Mr. Tucker replies: I find this effort to fit all polluting interactions into the mode of interpersonal actions and "violations of space" rather clumsy and strained. Certainly, shooting a bullet randomly into a crowd is antisocial, but does that mean we should repeal the murder laws and let the two individuals settle it themselves through private lawsuits? Or try working the analogy the other way. Firing a bullet on the street is reprehensible, but what about brushing against a person as you walk past him, or walking the streets with the flu and risking passing the germs to someone else?

The kinds of dangers we are exposed to from individual polluters are far closer to the second and third analogies than they are to the "bullet" idea. That is why it is more simple, at least at this stage of technology, to allow the government to deal with many of them in aggregate form, just as we license people to drive cars, even though each and every individual driver is a potentially lethal threat to every other driver and every pedestrian that walks the streets.

As a footnote, I have the suspicion that it is Dr. Gofman's inability to deal with the concept of degrees of risk that has enabled him these many years to stand before thousands of people and say that nuclear power plants are "license to murder," even though the health and safety risks to individuals are known to be orders of magnitude less than walking past a person on the street who has a cold.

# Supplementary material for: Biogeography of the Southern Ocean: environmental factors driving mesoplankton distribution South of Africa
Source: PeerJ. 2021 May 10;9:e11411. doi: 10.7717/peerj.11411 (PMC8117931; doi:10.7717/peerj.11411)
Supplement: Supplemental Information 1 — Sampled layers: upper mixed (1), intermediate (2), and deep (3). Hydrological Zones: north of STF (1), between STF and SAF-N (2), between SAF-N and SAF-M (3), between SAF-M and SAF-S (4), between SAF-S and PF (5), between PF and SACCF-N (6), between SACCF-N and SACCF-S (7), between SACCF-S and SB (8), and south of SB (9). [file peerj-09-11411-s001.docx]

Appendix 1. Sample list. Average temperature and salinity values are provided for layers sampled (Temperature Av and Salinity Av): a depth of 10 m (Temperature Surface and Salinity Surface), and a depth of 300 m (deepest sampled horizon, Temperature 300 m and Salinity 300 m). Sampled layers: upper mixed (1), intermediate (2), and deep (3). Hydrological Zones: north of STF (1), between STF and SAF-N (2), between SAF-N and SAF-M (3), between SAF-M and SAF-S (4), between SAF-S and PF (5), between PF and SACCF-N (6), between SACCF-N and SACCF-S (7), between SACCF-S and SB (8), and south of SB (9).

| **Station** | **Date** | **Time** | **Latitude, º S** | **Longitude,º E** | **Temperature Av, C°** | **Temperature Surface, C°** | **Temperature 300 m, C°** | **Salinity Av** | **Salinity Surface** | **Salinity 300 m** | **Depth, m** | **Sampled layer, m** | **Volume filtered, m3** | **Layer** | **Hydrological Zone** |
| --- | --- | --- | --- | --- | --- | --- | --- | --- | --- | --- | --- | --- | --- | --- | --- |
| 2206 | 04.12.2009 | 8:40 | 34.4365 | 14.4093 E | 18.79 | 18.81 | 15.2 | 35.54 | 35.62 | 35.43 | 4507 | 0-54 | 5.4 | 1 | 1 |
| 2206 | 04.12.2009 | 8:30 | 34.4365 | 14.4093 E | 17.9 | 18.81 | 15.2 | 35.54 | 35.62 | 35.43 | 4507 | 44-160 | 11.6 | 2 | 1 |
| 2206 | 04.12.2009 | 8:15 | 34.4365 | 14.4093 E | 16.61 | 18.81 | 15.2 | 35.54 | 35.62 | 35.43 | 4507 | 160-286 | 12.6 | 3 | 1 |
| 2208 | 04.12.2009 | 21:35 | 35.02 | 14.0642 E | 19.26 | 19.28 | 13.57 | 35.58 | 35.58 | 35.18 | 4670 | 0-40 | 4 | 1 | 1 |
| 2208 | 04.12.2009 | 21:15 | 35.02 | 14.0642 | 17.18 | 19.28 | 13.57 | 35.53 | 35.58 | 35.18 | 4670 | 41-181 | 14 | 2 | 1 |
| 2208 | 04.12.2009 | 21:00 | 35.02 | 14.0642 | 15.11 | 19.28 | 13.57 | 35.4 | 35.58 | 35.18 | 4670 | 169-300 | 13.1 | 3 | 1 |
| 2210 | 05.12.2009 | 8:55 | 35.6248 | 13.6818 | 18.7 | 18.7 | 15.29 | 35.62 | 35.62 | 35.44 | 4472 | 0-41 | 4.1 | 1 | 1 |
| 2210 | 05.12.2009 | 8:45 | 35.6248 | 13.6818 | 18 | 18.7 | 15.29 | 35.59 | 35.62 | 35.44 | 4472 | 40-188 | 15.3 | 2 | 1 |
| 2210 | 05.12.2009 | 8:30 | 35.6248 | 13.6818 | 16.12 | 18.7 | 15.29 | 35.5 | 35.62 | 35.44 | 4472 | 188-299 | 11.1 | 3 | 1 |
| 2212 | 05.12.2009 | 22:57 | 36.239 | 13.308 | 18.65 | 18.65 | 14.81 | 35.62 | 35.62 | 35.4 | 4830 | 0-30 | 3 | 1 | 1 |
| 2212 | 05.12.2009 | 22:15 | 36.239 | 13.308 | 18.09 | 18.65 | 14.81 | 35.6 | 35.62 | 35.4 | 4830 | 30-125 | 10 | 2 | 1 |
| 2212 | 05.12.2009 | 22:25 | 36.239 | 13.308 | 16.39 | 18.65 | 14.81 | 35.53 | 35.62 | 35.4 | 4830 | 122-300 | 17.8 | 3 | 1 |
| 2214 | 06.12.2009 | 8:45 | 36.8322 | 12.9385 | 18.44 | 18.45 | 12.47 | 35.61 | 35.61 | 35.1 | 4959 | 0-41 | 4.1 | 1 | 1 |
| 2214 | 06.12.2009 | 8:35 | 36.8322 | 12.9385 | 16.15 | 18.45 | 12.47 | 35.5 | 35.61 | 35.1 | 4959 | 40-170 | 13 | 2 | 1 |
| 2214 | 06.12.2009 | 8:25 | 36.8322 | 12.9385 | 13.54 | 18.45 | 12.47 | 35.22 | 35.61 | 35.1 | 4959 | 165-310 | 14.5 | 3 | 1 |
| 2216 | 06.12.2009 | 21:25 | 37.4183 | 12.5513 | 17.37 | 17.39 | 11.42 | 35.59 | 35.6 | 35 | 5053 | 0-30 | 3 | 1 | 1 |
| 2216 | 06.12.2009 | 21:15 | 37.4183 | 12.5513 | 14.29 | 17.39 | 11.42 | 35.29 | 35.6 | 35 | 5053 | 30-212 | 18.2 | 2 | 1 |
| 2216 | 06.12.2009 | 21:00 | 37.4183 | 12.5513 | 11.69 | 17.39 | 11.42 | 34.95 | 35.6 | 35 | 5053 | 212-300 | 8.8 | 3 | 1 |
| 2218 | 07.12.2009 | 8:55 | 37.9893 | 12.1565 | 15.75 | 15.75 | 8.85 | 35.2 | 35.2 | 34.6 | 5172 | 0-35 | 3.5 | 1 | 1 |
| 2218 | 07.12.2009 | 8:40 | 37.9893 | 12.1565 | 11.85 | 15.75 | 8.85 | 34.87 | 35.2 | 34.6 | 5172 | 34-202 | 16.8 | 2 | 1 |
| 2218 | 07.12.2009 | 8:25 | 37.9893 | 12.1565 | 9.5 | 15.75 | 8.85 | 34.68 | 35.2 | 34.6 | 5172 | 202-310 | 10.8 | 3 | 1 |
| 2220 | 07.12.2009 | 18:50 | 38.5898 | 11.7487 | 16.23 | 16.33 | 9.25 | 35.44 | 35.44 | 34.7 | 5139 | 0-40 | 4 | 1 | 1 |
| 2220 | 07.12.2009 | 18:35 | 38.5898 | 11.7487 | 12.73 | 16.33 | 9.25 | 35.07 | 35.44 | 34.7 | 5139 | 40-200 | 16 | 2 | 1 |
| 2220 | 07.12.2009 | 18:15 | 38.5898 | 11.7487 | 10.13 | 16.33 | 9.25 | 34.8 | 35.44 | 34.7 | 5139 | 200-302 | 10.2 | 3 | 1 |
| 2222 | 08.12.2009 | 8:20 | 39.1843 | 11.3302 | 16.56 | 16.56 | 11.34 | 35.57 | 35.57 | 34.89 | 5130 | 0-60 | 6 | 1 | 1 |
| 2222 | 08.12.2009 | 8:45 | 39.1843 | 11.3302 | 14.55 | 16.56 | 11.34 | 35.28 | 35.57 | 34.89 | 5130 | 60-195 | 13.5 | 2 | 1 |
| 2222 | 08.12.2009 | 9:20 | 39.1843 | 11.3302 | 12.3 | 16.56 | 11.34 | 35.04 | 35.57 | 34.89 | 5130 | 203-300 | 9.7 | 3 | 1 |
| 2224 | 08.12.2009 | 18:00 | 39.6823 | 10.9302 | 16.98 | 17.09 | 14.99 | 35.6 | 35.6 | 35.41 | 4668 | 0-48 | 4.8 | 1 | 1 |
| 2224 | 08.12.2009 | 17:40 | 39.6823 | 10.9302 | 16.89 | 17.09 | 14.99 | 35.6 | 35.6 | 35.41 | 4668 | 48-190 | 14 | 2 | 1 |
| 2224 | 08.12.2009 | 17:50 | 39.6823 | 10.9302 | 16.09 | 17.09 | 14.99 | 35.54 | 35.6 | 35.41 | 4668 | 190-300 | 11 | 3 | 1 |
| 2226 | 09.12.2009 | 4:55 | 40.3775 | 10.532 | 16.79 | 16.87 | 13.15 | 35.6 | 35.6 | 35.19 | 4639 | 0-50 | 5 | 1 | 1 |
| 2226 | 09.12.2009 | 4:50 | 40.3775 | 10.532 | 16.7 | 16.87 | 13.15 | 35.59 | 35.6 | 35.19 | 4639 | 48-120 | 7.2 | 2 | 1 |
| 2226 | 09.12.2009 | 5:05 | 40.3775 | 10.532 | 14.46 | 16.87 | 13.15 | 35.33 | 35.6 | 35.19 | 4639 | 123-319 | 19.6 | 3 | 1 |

Put the Market on Its Mettle Is the free market incapable of handling trade in so-called "strategic" metals? James Sinclair and Robert Parker ("Mine the Metals Market," June) would have us believe so. The authors support "privatization" of the federal stockpile program through tax incentives to metals investors. They argue, "The most legitimate purpose of tax incentives and tax shelters is to stimulate investment in areas of industry in which risk and national need exist but in which a capital base is lacking or deficient."

But this is just social engineering in probusiness clothing. Who can claim adequate knowledge to decide what constitutes "national need" or when capital is "deficient"? That is what the free market is for!

The authors' proposal would also give the government the option, in the event of an "emergency," of purchasing stored materials from investors who took part in the tax-break plan. The implication here is that the free market can't be trusted with scarce resources; only a government monopoly can assure proper distribution of materials in short supply.